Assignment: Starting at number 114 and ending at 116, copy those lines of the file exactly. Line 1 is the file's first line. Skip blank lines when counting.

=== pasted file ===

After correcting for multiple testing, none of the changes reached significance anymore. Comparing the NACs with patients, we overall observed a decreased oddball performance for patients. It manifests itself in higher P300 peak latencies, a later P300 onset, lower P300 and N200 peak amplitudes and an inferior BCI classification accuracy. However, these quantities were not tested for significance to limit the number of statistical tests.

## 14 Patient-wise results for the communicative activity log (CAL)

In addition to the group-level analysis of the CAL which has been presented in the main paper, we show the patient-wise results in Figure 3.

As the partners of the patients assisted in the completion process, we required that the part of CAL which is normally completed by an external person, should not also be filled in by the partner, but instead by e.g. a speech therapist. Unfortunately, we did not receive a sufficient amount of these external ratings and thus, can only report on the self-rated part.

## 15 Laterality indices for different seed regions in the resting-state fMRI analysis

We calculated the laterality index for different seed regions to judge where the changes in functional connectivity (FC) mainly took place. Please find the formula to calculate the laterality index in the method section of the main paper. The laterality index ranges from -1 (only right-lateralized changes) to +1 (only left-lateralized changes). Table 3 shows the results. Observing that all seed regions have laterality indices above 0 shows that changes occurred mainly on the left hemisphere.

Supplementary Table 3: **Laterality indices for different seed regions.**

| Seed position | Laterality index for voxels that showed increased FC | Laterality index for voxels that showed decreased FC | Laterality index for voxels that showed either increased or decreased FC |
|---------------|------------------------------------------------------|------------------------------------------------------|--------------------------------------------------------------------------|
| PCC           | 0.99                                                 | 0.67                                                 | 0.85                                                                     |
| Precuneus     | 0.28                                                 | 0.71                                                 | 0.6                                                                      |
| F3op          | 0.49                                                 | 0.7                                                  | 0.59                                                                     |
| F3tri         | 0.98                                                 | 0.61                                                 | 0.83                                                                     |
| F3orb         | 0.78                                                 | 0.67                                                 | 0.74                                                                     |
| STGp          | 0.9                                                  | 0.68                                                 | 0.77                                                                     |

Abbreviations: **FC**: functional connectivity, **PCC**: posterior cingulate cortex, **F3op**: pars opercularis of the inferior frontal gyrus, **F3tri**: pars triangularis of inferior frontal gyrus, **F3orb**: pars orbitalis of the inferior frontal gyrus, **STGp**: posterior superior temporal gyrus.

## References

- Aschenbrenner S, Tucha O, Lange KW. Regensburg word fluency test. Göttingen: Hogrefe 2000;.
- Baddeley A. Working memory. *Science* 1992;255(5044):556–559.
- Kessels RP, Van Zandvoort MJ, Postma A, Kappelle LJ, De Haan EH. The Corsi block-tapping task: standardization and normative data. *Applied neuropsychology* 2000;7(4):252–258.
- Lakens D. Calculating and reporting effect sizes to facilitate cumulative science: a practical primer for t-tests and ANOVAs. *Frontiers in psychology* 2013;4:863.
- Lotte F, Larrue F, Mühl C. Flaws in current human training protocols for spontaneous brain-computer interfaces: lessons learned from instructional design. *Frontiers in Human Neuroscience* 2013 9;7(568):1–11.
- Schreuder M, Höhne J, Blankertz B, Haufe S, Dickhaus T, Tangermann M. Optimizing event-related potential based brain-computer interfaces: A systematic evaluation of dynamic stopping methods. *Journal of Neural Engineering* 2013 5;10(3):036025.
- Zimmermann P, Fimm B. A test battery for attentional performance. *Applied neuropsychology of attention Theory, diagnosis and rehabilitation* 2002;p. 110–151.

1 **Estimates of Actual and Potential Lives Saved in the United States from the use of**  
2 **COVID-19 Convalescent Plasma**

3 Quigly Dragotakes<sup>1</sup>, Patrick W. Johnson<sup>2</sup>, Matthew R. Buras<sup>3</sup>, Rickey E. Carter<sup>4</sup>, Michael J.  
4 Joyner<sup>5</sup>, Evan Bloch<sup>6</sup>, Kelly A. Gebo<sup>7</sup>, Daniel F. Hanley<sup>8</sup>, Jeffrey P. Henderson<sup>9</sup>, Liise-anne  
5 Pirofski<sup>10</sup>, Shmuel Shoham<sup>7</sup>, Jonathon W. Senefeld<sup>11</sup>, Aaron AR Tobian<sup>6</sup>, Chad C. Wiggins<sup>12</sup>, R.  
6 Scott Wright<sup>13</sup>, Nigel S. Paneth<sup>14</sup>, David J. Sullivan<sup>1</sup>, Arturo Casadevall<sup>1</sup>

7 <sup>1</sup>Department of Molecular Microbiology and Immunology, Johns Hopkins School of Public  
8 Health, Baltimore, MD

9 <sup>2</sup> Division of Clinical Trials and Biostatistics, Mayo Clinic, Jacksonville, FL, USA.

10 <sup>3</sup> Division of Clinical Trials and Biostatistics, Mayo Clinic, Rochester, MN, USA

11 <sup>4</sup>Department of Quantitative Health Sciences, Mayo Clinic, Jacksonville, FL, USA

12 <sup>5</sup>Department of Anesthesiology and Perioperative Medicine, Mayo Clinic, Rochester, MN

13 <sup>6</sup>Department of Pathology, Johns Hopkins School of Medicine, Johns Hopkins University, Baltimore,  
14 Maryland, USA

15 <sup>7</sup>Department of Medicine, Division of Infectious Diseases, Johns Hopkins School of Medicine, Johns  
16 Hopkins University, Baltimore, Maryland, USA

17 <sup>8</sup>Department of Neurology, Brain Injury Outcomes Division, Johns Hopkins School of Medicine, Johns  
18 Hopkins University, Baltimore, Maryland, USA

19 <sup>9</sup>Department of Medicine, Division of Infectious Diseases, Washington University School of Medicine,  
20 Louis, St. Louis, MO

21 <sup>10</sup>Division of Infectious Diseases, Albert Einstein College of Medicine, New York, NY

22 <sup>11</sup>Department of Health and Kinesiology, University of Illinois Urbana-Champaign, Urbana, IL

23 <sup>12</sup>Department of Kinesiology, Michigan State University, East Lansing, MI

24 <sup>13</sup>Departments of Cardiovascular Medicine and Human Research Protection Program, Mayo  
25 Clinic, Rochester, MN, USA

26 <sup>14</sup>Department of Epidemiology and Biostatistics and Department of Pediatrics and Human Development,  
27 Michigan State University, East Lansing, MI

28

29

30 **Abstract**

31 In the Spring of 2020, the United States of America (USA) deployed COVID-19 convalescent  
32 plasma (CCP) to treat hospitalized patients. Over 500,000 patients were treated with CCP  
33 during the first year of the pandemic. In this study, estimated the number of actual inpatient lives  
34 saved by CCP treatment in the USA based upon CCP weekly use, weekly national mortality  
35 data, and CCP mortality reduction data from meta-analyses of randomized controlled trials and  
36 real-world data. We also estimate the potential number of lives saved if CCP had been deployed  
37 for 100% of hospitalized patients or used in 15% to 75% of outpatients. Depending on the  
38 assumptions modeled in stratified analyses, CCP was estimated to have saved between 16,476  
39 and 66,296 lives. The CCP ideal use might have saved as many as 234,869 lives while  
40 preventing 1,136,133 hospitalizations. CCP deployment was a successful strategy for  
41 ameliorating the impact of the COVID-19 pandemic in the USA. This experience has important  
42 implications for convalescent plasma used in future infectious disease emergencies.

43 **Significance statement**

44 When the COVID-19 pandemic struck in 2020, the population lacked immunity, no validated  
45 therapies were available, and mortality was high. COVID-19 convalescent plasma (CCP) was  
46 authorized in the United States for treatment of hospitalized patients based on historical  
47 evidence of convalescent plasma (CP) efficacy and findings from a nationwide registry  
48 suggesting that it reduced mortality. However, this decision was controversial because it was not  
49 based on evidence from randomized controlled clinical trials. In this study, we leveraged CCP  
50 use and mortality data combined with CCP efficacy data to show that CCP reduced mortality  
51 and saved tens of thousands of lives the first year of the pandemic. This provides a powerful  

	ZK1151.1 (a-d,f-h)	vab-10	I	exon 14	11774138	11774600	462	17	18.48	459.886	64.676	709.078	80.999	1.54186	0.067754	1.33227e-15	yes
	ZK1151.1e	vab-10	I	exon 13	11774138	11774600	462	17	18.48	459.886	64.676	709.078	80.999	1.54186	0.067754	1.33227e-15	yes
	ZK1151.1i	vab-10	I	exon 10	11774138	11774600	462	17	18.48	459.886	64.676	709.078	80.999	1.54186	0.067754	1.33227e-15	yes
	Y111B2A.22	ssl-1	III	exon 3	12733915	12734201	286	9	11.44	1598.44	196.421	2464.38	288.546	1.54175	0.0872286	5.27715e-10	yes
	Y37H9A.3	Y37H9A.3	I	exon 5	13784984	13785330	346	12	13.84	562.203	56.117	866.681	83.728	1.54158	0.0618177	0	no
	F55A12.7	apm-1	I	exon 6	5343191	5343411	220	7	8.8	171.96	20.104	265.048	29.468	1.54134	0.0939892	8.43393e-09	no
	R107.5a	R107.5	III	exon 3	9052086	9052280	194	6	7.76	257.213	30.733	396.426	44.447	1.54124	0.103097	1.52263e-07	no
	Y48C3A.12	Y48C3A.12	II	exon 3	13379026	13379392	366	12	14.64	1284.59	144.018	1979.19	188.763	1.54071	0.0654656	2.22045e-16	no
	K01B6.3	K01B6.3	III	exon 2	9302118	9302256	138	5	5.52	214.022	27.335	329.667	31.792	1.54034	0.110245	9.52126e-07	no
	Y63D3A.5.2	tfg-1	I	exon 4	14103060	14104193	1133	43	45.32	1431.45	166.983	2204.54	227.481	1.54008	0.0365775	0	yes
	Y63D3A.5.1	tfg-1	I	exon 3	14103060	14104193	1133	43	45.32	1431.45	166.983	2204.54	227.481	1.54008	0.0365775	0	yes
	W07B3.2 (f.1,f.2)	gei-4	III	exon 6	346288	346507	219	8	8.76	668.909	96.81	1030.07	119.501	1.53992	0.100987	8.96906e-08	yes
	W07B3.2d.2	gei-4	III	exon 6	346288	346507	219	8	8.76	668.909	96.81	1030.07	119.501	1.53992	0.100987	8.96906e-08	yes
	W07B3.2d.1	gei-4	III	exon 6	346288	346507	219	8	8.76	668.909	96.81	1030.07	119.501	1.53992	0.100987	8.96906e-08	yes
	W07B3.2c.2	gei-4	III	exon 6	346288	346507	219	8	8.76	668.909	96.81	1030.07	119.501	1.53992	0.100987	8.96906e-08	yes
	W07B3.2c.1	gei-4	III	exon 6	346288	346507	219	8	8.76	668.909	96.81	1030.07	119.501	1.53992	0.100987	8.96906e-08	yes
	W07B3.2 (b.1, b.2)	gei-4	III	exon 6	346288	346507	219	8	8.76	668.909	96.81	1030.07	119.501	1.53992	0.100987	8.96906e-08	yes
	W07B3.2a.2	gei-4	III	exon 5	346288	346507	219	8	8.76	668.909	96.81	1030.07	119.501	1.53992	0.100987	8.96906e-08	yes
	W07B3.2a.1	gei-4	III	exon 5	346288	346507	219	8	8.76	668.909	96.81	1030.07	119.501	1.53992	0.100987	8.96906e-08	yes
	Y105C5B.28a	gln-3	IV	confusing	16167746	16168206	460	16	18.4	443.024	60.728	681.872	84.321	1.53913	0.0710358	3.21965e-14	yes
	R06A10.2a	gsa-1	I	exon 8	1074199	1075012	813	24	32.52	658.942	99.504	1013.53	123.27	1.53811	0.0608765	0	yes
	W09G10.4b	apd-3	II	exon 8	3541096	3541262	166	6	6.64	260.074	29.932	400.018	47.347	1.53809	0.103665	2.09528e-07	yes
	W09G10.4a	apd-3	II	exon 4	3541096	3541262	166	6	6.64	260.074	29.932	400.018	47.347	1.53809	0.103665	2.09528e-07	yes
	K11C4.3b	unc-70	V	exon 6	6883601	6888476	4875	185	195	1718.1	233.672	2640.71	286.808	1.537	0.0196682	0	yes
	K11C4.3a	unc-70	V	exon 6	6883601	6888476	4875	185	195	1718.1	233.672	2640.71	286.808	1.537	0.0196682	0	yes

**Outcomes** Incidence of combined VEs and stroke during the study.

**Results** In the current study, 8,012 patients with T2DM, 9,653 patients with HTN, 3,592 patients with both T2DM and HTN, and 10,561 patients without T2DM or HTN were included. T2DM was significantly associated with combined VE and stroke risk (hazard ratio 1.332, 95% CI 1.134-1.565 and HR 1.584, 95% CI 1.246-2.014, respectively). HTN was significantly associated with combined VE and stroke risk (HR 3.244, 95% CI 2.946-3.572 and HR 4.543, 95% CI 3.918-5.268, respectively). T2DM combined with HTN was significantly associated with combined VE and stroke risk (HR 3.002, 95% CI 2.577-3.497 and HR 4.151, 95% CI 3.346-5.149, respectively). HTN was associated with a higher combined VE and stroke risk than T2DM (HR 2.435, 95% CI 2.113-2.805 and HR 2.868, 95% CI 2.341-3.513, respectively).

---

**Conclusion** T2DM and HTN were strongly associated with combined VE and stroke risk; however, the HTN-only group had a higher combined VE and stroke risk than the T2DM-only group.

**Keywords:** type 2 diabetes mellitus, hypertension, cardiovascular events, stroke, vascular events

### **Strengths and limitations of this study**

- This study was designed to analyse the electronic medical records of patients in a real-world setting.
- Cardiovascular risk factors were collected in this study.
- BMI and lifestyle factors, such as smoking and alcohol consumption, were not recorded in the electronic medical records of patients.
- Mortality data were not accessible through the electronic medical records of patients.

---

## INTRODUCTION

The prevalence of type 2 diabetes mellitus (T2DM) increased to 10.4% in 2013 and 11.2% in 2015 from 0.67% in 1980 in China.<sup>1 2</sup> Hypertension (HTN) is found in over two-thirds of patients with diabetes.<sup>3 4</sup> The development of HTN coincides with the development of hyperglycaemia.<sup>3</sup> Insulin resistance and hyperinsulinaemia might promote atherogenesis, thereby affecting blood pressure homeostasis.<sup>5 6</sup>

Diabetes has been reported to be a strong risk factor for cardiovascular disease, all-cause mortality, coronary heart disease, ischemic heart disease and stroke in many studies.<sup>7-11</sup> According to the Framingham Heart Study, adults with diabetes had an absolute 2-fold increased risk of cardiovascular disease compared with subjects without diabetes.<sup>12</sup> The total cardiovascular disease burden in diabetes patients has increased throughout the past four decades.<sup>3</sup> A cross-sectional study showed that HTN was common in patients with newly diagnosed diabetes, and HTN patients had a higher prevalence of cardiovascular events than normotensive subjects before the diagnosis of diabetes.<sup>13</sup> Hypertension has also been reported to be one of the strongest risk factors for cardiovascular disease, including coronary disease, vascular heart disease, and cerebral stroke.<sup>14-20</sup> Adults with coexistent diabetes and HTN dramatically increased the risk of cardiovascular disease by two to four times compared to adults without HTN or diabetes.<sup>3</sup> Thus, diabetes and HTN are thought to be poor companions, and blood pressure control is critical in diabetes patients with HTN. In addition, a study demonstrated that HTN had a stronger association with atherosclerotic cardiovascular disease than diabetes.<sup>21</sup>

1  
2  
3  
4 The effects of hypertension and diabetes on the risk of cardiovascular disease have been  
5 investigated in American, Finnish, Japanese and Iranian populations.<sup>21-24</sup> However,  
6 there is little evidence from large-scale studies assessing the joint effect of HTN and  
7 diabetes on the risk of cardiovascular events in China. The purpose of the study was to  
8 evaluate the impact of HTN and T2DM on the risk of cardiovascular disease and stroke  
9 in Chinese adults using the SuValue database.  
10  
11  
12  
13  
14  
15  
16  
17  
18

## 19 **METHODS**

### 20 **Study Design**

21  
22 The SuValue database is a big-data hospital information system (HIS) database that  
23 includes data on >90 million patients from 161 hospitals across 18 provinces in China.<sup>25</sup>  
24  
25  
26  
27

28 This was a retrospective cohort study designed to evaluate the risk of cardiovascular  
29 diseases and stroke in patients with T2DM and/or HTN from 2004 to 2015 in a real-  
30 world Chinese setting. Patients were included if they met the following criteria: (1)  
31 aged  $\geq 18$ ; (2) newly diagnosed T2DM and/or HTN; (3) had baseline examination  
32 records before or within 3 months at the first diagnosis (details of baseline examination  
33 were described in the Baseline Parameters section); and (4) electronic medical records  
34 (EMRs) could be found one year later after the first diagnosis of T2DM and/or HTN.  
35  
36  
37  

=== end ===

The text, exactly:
Diabetes has been reported to be a strong risk factor for cardiovascular disease, all-cause mortality, coronary heart disease, ischemic heart disease and stroke in many studies.<sup>7-11</sup> According to the Framingham Heart Study, adults with diabetes had an absolute 2-fold increased risk of cardiovascular disease compared with subjects without diabetes.<sup>12</sup> The total cardiovascular disease burden in diabetes patients has increased throughout the past four decades.<sup>3</sup> A cross-sectional study showed that HTN was common in patients with newly diagnosed diabetes, and HTN patients had a higher prevalence of cardiovascular events than normotensive subjects before the diagnosis of diabetes.<sup>13</sup> Hypertension has also been reported to be one of the strongest risk factors for cardiovascular disease, including coronary disease, vascular heart disease, and cerebral stroke.<sup>14-20</sup> Adults with coexistent diabetes and HTN dramatically increased the risk of cardiovascular disease by two to four times compared to adults without HTN or diabetes.<sup>3</sup> Thus, diabetes and HTN are thought to be poor companions, and blood pressure control is critical in diabetes patients with HTN. In addition, a study demonstrated that HTN had a stronger association with atherosclerotic cardiovascular disease than diabetes.<sup>21</sup>

1  
2  